When you think of meat, you probably think of protein. But protein exists in virtually every food. Even vegetables contain it in small amounts. As meat became demonized over the last half-century, many Americans began seeking out alternatives, in some cases quitting meat altogether. An estimated 5 percent of Americans now identify as vegetarian.
But that’s a difficult path to maintain for long. While plant alternatives to meat are increasing in popularity, there is no getting around the fact that meat is the single best source of protein (and also many vitamins and minerals). You may have heard that legumes have a lot of protein, for example. And they do—for plants. But they lack a number of critical amino acids. Eggs are another source of protein, containing 6 grams each. But the average adult needs between 60 and 90 grams of protein each day, and even more, if you’re active. You need about 30 grams, three times a day, to maintain and build muscle.
If you rely on eggs, then you’d have to eat a whole lot of omelets. Fulfilling your protein requirements with non-meat foods requires enormous planning and effort, more than most people can manage. You also need to make sure to get all the essential amino acids—the ones that we need but our bodies can’t make—from the protein you eat. Only quinoa, buckwheat, and soy are plant sources that contain all nine of them, but they can be found in complete form in all animal foods. To give you an idea of how plant protein ranks next to animal protein, here’s a side-by-side comparison of the two
As you can see, you’d have to eat a whole lot of black beans, oats, or tofu to deliver the protein in just a small serving of meat. That doesn’t mean meat should be your only source of protein. You can get a portion of your daily protein from plants. But for most people, especially as we age and need more protein to maintain our muscle mass, animal protein is important.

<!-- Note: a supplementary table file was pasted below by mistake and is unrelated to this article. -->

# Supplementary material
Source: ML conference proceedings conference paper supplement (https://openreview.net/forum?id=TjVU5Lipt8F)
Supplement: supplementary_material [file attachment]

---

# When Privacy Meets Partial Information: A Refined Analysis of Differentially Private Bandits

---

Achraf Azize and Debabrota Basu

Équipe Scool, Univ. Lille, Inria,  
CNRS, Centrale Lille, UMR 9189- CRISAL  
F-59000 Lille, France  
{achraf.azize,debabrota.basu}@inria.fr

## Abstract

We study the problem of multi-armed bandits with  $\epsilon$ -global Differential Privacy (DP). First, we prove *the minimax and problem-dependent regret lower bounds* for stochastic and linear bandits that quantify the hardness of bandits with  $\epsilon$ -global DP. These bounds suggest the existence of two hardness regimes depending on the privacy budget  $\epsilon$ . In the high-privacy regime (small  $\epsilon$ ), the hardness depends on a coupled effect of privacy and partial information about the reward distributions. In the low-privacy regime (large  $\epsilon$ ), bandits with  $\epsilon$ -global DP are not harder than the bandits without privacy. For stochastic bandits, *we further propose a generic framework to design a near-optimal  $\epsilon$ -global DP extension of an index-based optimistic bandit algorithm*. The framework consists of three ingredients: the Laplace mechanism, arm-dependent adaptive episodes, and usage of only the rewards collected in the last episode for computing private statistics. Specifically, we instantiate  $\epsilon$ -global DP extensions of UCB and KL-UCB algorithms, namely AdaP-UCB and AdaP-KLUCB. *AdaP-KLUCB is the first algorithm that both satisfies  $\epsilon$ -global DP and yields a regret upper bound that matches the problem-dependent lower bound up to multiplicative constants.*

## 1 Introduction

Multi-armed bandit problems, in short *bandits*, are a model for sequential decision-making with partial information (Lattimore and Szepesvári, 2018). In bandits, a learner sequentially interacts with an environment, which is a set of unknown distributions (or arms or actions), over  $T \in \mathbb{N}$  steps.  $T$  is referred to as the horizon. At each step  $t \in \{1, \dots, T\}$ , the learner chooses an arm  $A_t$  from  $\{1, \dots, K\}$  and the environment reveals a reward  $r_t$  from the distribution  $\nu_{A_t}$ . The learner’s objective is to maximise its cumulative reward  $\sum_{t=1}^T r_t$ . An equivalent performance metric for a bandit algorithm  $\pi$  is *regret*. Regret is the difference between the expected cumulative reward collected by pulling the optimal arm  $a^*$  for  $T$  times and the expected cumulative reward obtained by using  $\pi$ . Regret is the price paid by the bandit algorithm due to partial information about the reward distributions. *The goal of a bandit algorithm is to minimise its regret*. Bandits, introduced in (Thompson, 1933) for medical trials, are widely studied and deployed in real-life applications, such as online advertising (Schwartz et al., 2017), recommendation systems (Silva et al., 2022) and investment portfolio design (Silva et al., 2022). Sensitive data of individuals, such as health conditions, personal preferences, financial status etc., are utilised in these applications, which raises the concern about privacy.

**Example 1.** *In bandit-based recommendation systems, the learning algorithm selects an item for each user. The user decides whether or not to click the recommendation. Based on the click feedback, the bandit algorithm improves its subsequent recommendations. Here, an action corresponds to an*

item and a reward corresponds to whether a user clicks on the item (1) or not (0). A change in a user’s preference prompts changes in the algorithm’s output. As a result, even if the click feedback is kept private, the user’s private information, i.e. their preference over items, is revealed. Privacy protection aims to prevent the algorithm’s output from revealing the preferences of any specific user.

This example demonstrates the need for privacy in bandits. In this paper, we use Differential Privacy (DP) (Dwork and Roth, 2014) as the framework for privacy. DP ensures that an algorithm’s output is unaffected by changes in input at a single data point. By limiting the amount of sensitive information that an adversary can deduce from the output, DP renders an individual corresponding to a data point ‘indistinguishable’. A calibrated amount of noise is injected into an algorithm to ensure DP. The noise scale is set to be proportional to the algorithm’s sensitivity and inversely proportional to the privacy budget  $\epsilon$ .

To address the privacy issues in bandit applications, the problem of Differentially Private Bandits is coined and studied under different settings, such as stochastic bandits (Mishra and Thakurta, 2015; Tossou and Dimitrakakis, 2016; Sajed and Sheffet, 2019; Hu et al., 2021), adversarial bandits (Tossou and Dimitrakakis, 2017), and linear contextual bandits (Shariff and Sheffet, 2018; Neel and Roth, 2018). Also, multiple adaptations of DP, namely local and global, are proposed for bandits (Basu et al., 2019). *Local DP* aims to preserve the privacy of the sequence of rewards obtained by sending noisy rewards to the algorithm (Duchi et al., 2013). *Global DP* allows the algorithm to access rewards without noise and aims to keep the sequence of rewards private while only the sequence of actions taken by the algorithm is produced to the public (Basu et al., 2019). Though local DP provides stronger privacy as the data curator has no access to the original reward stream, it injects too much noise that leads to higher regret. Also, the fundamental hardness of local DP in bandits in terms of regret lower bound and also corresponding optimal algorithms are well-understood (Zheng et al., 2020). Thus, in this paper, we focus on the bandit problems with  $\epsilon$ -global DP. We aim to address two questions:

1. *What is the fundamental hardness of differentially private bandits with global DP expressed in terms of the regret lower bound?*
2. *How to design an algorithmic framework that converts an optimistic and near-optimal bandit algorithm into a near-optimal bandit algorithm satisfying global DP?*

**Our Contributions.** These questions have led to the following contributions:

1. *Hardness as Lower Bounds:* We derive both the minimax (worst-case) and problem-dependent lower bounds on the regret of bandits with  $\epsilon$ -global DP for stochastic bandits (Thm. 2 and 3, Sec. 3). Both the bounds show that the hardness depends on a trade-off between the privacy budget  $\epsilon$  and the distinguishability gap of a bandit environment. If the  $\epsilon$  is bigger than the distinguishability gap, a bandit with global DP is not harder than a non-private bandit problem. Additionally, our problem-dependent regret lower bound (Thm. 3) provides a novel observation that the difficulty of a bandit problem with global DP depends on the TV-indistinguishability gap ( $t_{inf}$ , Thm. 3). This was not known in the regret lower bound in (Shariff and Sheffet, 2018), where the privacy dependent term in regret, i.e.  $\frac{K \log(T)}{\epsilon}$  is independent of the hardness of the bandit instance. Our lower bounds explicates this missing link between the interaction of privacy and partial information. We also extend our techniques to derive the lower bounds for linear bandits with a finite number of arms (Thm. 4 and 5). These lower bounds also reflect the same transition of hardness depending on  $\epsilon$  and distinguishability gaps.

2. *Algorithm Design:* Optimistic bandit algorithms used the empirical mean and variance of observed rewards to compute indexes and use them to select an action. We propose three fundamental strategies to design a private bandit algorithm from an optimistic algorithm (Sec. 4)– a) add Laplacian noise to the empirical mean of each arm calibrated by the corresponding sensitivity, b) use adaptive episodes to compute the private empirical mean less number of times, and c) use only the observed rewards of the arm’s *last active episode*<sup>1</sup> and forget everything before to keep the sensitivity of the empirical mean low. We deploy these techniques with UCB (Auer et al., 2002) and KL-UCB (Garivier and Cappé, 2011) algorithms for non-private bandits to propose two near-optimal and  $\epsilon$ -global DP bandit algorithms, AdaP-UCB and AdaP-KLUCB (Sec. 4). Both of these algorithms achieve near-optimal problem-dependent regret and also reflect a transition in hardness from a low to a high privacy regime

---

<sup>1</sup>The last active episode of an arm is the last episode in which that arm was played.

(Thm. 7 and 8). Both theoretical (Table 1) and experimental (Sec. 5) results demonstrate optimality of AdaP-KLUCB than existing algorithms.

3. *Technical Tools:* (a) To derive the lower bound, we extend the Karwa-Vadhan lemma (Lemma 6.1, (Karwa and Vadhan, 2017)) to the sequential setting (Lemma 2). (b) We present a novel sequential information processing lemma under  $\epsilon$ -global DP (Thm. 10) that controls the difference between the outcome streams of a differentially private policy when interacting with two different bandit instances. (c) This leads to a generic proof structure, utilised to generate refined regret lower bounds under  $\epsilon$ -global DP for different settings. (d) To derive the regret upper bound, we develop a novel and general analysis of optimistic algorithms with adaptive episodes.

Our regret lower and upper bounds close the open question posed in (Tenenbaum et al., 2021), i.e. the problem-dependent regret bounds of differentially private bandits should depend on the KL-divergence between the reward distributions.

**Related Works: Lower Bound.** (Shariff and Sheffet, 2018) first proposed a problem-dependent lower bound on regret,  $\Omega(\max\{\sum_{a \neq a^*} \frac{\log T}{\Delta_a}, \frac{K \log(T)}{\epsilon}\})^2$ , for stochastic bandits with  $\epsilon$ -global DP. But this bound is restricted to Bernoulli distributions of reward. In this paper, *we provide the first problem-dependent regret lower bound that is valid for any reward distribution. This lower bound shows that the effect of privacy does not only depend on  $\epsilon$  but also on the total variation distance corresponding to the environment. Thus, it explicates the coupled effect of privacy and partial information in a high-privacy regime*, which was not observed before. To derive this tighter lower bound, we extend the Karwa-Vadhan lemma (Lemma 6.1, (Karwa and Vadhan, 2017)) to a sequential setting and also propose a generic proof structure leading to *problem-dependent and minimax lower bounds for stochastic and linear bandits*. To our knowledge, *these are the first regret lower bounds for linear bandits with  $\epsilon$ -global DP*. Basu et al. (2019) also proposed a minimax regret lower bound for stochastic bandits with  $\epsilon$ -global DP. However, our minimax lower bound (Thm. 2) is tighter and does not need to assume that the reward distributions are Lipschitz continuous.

What the experts got right
For all of human history, with the exception of a period beginning midway through the second half of the twentieth century, meat was considered by experts and ordinary people alike to be a vital part of the human diet. Indeed, there has never been a voluntarily vegan indigenous society anywhere on the planet. 8 In fact, the word “vegan” wasn’t coined until 1944.
Yes, some studies show that eating meat harms our health, but the devil is in the details, and in this case, that means the design and type of study. As you’re about to see, the scaremongering crumbles under the weight of scientific scrutiny. Did the nutrition authorities get anything right? They did.
There is some relevance to warnings about eating too much red meat—conventionally raised beef comes from animals that are fed improper diets, which in turn can harm us. Even the way we cook meat can damage our health. For the most part, however, meat has gotten a bum rap. The science doesn’t support meat as the disease-creating thing we thought it was for decades.
What they got wrong
Anyone who has lived in America over the past 50 years has heard the dire warnings about red meat. It causes cancer. It causes heart disease. It’s practically deadly. How did we end up with all this hysteria and misinformation? Two words: saturated fat. The discovery a half-century ago that saturated fat raises cholesterol levels led to the widespread demonization of meat. We cut back on meat, we chose “lean” meat, and we trimmed and skimmed all the fat off our meat. Back then, scientists were convinced that high cholesterol was the number one culprit behind the nation’s epidemic of heart disease, which contributed to more than a million deaths per year. Their theory was simple—too simple.
This line of thinking was endorsed and promoted by the American Heart Association, which told Americans to put down their plates of bacon, eggs, and sausage and back away from the breakfast table. In fact, all foods that contained saturated fat became “bad” almost overnight— even fatty plant foods such as coconuts, nuts, and avocados.